Biomedical researchers have entered the thicket that entangles the importation of foreign fish and wildlife.
Citing the potential exposure of precious information, the National Association for Biomedical Research (NABR) in Washington, D.C., is challenging a judge's order that the U.S. Fish and Wildlife Service (FWS) release more public records about the wildlife being imported into the United States.
"The general public, as well as the business community, has an interest in maintaining the ability of businesses to keep their proprietary information confidential," the association's president, Matthew Bailey, stated in a court filing.
The fight comes over an Arizona-based federal judge's March 30 order that FWS turn over to the Center for Biological Diversity in Tuscon more of the records from the Law Enforcement Management Information System (LEMIS). The massive database includes forms filed by applicants for the import or export of fish and wildlife.
The legal struggle over information, in turn, is only one front in a broader public policy conflict that's drawn in every branch of the federal government.
On the executive branch front, the Fish and Wildlife Service yesterday announced plans for a June 19 meeting of the International Wildlife Conservation Council. This will be the second meeting of the 16-member advisory panel, whose stated focus is advocacy for the "benefits that result from United States citizens traveling to foreign nations to engage in hunting" (Greenwire, March 2).
In Congress, lawmakers are advancing a signal-sending bill to prohibit the taking of any domestic endangered or threatened species as a trophy, and to ban the importation of any such foreign wildlife trophy into the United States. The bill (H.R. 5690) now has six co-sponsors, up from the three it had when introduced last month by Rep. Sheila Jackson Lee (D-Texas).
And in the courts, multiple lawsuits proceed.
One suit, filed in Washington in March by four conservation and animal protection groups, challenges the Trump administration's decision to resume approving elephant and lion trophy imports.
"This administration seems determined to allow Safari Club International and other special interests to unduly influence federal wildlife policy decisions," Anna Frostic, managing wildlife attorney with the Humane Society of the United States in Washington, D.C., said in a statement in March.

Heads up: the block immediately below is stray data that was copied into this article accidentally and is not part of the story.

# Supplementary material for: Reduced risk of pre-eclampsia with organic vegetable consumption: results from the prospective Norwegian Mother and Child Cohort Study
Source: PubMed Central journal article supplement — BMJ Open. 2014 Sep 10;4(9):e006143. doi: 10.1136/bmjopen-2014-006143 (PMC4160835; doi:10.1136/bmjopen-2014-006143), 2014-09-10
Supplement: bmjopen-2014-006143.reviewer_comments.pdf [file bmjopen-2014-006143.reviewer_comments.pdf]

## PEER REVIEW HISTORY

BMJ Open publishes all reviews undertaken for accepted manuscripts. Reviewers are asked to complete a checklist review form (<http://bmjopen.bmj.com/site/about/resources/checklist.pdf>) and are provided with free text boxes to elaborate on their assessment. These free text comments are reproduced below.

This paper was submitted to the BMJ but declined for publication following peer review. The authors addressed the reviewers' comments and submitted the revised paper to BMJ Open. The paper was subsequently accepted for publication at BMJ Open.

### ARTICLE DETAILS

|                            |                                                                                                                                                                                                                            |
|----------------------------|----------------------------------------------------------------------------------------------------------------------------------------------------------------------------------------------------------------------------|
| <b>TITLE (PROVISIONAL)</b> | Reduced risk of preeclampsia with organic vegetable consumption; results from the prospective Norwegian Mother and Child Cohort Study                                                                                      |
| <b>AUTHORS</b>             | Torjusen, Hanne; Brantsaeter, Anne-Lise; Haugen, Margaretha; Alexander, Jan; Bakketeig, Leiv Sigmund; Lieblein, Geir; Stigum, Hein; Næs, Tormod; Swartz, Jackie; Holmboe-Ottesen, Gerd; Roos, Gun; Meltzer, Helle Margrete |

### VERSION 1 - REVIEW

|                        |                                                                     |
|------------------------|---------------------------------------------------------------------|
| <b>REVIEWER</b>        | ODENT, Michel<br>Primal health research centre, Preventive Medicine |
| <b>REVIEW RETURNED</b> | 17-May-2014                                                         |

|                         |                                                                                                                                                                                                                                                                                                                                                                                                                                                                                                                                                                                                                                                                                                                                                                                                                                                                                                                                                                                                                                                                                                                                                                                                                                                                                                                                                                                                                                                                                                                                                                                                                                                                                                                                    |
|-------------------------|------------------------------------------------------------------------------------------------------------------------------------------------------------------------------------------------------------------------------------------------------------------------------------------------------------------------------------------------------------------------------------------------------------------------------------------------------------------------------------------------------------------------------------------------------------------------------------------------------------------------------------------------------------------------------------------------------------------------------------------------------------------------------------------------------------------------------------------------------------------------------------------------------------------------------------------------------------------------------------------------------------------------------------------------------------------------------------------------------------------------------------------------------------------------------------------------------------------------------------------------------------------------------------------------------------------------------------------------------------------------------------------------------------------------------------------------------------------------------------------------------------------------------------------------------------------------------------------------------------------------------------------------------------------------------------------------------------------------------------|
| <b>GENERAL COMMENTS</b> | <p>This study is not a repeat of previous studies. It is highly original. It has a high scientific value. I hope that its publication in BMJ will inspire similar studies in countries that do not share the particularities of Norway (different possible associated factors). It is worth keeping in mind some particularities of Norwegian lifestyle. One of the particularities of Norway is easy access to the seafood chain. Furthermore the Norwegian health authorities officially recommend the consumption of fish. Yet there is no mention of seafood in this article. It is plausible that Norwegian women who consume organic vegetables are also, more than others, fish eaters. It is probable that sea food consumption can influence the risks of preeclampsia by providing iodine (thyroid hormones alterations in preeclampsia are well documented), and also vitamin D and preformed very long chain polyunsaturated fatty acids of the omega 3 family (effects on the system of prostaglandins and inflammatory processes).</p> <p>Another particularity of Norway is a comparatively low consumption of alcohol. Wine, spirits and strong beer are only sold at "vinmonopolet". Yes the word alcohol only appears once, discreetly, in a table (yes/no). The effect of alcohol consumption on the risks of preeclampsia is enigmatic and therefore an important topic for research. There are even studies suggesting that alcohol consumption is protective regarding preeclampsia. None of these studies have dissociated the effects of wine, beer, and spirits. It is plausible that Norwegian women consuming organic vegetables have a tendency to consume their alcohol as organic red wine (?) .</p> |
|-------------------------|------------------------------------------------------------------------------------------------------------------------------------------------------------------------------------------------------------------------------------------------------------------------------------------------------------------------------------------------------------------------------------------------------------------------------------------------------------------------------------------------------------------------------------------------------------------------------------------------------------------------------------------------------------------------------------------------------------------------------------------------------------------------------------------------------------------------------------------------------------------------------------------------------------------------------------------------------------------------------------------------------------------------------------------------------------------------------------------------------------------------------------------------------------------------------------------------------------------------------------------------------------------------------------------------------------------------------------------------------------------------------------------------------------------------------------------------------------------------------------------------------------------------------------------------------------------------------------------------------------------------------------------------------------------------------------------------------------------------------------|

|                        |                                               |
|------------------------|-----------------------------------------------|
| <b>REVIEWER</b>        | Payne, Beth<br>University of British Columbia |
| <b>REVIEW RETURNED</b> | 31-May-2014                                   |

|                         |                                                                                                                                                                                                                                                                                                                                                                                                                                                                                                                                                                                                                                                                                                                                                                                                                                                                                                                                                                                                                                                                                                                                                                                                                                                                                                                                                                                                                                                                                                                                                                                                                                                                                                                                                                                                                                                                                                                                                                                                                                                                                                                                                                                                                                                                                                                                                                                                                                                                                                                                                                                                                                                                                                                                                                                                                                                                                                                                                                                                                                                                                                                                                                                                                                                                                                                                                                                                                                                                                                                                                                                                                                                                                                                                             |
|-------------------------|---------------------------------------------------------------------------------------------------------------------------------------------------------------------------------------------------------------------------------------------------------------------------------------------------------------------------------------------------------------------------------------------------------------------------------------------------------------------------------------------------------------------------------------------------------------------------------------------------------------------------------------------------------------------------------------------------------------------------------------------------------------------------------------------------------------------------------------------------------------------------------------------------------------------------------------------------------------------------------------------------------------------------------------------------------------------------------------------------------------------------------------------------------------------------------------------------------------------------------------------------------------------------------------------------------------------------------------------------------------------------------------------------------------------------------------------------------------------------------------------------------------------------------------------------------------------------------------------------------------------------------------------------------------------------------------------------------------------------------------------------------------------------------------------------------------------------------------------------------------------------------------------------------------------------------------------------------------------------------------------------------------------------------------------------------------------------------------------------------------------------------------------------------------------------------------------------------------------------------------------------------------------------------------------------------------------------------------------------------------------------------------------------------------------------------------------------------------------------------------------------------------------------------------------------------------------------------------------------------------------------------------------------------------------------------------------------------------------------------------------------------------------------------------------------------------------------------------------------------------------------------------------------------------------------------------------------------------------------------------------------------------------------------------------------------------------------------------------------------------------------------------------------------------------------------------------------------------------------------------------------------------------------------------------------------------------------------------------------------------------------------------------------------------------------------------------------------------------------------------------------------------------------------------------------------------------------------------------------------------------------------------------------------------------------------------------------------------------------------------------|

The Arizona case that troubles biomedical researchers takes a different tack, as environmental advocates seek importation data from the LEMIS stockpile.
"These imports include everything from python-skin boots, to parrots and turtles destined for the pet trade ... to lions killed as hunting trophies, as well as zoo and scientific specimens," the Center for Biological Diversity's original complaint noted (Greenwire, April 3).
From 2001 until about mid-2014 or 2015, FWS released the LEMIS data "without exemption," U.S. Magistrate Judge Bruce Macdonald stated. In 2016, though, the agency withheld information that included the declared value, quantity and identity of the foreign importer/exporter.
Ten firms in particular, including Genentech Inc., Primate Products Inc. and Bristol-Myers Squibb, have warned about the public disclosure of commercial information. They want Macdonald to stay his order to FWS pending an appeal by the National Association for Biomedical Research, which is stepping in following a May 29 decision by the Trump administration not to appeal the order.
"Disclosure of the confidential information of NABR's members at issue would reveal critical supply chains, carriers, routes, demand, volumes, pricing, customers, strategy and other inside information that competitors would be able to use to gain a competitive advantage," the association stated in a May 11 legal brief.
Reprinted from Greenwire with permission from E&E News. Copyright 2018. E&E provides essential news for energy and environment professionals at www.eenews.net